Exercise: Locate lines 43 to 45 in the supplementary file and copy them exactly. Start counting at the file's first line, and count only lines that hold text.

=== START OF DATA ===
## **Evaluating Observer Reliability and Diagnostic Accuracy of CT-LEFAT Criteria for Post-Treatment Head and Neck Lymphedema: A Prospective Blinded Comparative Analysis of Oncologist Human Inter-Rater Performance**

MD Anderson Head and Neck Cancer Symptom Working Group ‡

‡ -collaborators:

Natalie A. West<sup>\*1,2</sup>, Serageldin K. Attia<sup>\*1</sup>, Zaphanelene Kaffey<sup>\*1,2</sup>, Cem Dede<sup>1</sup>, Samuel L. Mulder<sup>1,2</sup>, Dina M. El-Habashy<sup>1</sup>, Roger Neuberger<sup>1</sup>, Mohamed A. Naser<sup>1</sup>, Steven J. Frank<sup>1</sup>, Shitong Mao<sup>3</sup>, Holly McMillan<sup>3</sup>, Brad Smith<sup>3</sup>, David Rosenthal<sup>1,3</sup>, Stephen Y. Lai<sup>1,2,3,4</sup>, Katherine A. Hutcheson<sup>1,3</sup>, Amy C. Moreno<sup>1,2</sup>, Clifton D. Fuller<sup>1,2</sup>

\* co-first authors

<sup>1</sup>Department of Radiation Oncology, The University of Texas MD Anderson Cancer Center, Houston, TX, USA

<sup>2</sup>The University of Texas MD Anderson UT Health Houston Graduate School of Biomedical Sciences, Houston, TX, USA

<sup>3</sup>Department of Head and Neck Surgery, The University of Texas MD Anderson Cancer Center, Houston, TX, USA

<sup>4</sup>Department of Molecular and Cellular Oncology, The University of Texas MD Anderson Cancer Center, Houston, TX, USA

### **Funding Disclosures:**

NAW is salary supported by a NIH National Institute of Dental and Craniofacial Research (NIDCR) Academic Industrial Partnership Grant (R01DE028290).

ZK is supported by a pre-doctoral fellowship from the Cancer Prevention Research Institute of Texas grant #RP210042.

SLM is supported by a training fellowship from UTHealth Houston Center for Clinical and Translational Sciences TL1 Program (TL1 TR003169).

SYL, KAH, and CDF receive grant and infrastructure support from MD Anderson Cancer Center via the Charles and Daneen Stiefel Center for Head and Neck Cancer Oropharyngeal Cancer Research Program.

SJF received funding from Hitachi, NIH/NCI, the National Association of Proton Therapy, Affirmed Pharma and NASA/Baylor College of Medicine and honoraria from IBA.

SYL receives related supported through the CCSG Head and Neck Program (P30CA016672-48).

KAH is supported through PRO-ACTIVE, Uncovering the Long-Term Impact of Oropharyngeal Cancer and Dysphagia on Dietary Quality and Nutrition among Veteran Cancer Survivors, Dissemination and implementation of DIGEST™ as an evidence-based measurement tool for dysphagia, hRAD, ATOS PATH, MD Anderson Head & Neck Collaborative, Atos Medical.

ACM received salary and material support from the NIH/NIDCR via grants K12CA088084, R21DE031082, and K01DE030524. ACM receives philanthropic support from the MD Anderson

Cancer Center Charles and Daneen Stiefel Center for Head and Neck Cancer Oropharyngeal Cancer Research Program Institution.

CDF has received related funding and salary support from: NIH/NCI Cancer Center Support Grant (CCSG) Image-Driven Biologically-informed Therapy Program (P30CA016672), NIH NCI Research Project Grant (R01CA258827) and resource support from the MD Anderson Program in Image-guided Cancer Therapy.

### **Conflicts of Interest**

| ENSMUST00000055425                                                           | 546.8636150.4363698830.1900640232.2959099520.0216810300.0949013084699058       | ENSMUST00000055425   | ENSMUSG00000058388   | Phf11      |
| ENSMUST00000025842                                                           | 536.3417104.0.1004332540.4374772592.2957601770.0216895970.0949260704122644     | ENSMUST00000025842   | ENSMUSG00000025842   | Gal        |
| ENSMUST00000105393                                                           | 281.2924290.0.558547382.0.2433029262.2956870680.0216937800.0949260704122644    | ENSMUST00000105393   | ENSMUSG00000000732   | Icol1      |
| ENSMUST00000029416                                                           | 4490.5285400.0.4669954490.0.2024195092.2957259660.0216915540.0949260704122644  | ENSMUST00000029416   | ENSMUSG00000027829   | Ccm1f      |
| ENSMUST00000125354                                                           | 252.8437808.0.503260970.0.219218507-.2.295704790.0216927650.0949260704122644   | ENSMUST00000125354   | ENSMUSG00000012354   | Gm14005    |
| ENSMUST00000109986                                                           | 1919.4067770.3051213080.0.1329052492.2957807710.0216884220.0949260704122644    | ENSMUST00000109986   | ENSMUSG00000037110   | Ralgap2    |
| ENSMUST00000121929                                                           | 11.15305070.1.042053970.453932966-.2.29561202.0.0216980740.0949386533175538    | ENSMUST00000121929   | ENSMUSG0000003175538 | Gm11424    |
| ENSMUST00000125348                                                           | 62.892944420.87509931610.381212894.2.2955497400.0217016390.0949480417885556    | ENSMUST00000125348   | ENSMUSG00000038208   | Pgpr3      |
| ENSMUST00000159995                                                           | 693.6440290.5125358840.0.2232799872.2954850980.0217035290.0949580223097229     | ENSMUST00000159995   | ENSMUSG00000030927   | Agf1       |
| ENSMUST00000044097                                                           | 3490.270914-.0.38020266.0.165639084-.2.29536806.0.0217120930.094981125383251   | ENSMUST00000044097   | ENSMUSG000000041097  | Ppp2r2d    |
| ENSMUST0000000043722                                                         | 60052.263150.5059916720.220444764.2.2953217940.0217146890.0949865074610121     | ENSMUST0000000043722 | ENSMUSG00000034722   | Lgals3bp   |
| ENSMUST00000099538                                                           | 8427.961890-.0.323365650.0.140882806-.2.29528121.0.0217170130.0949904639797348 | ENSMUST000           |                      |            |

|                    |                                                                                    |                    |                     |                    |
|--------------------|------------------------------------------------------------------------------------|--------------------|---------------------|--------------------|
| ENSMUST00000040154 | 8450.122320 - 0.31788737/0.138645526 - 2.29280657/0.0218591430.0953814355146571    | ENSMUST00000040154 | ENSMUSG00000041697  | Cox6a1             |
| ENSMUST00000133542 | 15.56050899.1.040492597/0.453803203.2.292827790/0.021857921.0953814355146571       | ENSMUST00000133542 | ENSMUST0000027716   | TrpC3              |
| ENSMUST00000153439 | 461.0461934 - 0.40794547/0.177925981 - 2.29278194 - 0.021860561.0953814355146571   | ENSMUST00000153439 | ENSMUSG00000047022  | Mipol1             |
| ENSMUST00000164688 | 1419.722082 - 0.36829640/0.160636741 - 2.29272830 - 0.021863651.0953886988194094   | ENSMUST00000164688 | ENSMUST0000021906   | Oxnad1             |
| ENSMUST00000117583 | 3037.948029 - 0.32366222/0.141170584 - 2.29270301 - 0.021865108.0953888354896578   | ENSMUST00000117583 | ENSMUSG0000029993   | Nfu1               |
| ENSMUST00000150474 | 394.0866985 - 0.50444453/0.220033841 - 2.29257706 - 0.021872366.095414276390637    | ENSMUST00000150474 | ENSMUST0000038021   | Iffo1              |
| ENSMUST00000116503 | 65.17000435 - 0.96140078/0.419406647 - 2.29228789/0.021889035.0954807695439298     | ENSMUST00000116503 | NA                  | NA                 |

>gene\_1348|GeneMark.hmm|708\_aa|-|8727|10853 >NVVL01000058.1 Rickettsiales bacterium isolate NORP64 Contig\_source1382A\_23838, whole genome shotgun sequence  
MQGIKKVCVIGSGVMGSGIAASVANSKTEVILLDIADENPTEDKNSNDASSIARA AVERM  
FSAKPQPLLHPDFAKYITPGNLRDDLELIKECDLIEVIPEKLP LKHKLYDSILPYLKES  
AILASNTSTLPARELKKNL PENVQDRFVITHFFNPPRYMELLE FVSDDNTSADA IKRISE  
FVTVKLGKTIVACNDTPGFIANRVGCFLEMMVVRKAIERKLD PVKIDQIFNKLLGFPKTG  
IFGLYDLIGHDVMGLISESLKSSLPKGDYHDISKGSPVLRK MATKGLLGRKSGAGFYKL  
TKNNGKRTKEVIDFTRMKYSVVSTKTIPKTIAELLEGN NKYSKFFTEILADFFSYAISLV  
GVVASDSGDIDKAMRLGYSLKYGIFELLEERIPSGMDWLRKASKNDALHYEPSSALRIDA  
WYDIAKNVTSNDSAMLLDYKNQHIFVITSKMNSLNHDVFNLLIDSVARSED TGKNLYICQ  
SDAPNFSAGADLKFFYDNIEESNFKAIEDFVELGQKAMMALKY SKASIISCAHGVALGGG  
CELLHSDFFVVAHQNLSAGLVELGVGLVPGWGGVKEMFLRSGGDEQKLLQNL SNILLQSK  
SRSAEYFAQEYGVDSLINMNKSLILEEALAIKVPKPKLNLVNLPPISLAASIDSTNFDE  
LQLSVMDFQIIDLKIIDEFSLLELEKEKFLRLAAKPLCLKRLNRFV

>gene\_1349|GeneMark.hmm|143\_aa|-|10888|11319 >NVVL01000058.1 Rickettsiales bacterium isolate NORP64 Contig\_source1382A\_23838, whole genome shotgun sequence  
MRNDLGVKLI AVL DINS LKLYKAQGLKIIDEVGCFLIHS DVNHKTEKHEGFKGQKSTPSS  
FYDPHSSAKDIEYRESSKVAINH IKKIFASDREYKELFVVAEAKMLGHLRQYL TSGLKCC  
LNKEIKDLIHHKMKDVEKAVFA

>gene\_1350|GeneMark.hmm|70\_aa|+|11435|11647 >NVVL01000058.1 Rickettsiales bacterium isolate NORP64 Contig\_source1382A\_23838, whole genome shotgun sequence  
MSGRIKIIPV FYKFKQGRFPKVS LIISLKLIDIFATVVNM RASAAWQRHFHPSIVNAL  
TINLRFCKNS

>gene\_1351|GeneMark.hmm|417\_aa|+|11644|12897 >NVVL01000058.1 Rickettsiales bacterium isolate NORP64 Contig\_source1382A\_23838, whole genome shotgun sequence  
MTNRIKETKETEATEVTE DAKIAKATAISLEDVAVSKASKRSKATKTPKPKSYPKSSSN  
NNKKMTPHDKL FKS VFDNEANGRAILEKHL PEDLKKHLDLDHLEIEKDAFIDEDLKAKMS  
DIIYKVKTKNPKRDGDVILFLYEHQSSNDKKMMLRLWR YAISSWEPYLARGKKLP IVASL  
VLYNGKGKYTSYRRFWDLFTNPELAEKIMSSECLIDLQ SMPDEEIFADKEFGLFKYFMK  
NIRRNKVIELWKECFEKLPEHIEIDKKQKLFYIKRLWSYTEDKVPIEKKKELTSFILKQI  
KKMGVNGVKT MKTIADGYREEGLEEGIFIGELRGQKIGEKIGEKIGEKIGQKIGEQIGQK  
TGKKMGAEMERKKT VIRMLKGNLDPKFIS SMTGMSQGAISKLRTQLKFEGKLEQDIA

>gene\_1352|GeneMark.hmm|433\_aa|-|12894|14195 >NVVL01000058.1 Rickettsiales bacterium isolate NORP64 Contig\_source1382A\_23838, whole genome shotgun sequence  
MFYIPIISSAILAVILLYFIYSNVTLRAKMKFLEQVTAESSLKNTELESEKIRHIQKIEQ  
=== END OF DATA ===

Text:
>gene\_1348|GeneMark.hmm|708\_aa|-|8727|10853 >NVVL01000058.1 Rickettsiales bacterium isolate NORP64 Contig\_source1382A\_23838, whole genome shotgun sequence  
MQGIKKVCVIGSGVMGSGIAASVANSKTEVILLDIADENPTEDKNSNDASSIARA AVERM  
FSAKPQPLLHPDFAKYITPGNLRDDLELIKECDLIEVIPEKLP LKHKLYDSILPYLKES  